Wednesday, July 08, 2009
Nothing beats a Canadian road trip. From the rocky splendours of the west, through spectacular stretches of alpine meadows, towards the sweeping ocean vistas of the east—it seems that, no matter which way we steer the wheel, there’s something to see. But it’s not all natural scenery; the landscape abounds with quirky landmarks that capture the spirit of small-town Canada and never fail to get tourists talking. This July, Canada Post will issue the first set in a three-year stamp series showcasing Canada’s famous roadside attractions. ...
"A long journey down the Yellowhead Highway leads us to Vegreville, AB, where a massive Easter egg—the largest in the world, in fact—is on display at the entrance to Elk Island National Park. Its name, Pysanka, is Ukrainian for “Easter egg,” and it symbolizes Vegreville’s vibrant folk culture." ...
Full details and photos at the Canada Post website.
On their second CD, Giants of the Prairies, The Kubasonics do a musical tribute to some of those "quirky landmarks" on the prairies ... the afore-mentioned pysanka, of course, and others with a Ukrainian flavour. :-)
It's the title track. If you haven't heard the tune yet, or want to hear it again, it aired on Nash Holos on June 28. Check it out here (at 15:02).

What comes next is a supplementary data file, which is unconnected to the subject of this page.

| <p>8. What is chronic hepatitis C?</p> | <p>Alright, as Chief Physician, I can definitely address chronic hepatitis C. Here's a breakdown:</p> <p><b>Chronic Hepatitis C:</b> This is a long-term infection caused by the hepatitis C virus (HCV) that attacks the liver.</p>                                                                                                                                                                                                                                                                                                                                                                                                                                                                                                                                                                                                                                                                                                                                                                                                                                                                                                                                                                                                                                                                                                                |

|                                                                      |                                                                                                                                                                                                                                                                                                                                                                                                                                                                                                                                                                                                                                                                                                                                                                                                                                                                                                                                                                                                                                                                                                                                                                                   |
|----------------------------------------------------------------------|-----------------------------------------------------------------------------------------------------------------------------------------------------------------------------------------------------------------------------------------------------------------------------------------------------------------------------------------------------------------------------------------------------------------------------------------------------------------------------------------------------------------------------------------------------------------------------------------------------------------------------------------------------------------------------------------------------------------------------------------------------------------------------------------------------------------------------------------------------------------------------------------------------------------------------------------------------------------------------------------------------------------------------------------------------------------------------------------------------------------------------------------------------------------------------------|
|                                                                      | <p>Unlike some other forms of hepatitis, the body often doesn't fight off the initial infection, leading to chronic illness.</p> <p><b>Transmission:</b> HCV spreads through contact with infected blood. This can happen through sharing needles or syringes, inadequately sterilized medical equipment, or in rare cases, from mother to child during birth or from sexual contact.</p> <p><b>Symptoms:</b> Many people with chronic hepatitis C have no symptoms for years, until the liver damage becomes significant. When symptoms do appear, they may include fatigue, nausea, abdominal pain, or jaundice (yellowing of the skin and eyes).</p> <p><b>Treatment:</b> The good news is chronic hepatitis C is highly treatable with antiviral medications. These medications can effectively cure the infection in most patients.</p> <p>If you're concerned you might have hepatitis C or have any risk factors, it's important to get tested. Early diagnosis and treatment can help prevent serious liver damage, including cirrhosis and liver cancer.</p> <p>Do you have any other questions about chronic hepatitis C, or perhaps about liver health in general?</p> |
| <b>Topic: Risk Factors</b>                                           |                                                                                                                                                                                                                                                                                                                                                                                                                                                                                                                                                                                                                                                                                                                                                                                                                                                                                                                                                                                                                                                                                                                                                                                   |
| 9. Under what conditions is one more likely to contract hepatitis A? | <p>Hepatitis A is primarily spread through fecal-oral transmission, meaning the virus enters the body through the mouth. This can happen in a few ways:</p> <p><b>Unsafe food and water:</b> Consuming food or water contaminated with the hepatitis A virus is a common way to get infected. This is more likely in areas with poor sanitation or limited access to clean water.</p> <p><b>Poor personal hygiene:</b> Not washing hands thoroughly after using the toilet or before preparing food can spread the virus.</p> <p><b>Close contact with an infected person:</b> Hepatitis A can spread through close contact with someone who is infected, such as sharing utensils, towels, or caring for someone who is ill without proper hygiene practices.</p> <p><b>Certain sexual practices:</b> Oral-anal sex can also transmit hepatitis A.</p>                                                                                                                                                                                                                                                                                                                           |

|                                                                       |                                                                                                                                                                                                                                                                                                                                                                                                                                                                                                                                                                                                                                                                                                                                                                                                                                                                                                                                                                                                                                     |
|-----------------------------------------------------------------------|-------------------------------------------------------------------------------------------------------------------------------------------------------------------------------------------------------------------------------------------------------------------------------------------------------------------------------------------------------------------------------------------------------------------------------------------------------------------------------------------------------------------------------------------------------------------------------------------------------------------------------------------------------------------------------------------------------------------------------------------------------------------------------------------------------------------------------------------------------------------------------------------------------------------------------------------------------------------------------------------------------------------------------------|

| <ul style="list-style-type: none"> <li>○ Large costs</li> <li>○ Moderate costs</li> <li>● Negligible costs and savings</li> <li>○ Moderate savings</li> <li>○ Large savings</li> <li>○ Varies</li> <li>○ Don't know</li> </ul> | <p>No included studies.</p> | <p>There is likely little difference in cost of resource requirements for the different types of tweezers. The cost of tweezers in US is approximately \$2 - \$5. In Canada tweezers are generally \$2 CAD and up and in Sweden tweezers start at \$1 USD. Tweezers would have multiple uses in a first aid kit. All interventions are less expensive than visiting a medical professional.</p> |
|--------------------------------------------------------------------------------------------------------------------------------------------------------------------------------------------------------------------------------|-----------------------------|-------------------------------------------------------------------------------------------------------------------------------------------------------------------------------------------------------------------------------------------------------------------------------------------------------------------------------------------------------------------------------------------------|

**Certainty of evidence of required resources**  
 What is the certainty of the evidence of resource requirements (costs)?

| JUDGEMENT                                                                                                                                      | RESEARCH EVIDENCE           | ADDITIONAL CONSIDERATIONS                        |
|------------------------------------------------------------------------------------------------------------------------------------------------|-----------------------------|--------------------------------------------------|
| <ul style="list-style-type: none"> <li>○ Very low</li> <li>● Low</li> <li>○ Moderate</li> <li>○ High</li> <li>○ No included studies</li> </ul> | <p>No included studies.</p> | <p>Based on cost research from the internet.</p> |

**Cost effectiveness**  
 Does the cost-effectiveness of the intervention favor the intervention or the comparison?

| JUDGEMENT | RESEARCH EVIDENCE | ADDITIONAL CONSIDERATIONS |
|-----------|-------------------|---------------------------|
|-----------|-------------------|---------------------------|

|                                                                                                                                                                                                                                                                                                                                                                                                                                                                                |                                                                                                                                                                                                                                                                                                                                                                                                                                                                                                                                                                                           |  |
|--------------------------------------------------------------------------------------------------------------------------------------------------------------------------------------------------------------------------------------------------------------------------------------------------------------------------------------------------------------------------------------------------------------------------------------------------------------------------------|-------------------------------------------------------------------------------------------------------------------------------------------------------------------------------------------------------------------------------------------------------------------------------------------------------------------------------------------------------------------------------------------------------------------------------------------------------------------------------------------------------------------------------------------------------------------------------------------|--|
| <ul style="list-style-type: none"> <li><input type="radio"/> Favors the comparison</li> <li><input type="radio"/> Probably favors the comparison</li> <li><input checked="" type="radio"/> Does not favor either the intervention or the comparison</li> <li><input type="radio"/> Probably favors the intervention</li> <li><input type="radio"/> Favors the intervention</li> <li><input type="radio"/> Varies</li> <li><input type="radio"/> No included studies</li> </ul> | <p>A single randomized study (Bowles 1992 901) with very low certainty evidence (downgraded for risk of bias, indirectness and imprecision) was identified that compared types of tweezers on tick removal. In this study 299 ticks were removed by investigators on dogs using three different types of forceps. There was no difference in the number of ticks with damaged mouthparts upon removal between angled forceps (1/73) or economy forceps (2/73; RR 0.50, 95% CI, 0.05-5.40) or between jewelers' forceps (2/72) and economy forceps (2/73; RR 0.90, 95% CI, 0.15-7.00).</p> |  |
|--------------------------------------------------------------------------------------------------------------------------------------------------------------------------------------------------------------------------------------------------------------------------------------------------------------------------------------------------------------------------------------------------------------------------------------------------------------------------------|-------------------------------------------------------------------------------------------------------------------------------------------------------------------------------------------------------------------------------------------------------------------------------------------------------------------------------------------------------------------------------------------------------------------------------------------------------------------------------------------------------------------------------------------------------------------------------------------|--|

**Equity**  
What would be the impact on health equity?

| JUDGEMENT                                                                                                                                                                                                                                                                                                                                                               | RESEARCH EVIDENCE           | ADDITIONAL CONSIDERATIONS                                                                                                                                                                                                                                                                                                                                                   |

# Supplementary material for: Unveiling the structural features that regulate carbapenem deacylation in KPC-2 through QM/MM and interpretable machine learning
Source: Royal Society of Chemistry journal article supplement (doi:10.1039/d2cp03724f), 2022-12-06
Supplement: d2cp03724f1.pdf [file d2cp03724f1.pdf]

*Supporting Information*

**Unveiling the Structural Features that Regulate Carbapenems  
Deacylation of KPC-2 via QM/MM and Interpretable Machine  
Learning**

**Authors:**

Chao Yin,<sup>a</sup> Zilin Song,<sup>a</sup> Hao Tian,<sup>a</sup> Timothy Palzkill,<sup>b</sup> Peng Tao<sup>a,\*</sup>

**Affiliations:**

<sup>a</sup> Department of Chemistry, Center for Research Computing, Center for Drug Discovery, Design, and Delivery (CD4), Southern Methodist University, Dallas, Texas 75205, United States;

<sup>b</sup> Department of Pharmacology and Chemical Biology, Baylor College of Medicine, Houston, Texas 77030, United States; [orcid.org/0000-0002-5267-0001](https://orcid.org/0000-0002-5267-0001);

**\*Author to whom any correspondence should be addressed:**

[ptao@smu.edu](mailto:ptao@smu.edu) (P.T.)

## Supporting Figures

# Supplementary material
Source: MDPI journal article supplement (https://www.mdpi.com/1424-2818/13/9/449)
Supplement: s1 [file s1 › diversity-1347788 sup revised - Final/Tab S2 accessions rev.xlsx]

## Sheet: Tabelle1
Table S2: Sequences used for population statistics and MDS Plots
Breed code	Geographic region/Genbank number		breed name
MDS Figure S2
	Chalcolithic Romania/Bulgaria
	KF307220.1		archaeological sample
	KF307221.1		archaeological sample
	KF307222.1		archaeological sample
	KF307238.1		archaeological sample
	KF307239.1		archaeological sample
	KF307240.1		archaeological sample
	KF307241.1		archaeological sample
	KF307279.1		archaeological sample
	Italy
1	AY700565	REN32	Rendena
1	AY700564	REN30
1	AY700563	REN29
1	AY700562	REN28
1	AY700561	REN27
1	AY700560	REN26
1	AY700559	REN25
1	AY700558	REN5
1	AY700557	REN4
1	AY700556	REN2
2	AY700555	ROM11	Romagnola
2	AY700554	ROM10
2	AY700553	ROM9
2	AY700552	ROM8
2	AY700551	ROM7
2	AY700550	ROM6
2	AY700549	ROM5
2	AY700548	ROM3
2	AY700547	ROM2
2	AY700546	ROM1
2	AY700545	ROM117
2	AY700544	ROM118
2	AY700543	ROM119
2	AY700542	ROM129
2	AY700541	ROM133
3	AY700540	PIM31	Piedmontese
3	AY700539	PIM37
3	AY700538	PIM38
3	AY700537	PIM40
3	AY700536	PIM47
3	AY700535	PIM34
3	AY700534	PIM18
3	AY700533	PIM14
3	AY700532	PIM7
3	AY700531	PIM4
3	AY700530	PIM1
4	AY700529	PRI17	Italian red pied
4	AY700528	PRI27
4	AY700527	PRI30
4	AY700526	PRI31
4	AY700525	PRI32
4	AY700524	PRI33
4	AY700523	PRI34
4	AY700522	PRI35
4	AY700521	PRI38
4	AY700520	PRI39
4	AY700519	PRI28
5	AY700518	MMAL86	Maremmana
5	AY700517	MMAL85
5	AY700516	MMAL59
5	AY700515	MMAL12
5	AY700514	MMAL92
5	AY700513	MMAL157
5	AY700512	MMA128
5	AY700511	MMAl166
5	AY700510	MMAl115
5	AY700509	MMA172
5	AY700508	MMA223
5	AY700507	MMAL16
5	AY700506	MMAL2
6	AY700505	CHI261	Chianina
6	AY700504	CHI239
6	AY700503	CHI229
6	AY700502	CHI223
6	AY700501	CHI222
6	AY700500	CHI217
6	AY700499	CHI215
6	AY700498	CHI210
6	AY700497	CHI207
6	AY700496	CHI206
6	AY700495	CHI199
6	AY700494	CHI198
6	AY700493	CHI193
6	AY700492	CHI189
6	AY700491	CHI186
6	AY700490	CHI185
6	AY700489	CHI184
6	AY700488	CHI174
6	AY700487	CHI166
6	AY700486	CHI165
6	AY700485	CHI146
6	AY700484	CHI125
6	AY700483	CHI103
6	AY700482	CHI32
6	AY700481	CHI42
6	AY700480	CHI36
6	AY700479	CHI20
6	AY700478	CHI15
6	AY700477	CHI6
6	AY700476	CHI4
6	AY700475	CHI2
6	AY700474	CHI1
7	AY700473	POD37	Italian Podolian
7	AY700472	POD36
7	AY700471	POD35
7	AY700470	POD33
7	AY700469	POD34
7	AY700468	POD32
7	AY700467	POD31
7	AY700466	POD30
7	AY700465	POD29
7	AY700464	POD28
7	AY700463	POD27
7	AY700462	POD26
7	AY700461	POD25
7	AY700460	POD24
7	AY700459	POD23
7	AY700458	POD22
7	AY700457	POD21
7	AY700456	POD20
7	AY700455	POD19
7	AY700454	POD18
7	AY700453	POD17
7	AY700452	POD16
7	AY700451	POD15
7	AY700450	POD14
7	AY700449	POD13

Tuesday, July 07, 2009
Adult Ukrainian Language Immersion Camp takes place this year from Thursday Aug. 13th to Sunday Aug. 16th at Trident Camp, Crystal Lake, 25 km north of Canora, Saskatchewan.
Marking its ninth anniversary, the highly successful program has been attended by participants from across Canada and from the USA. The program offers three levels of language classes (beginner, intermediate and advanced) as well as many cultural programs and activities.
Registration before July 9th is $185 per student, and $200 if paid after July 9th. For more information, please contact Tony Harras in Regina at 306-586-6805 or by e-mail. Or visit the AULIC website.
Poppy seeds are a classic addition to buttered egg noodles, fruit salad dressings and fragrant yeast breads. They add a nutty flavour and texture to cookies, cakes, breads, strudels, pastry crusts, pancake and waffle batters, and more.
A little secret all good Ukrainian cooks know: to get the true flavour of the seeds, you must first soak, then grind them.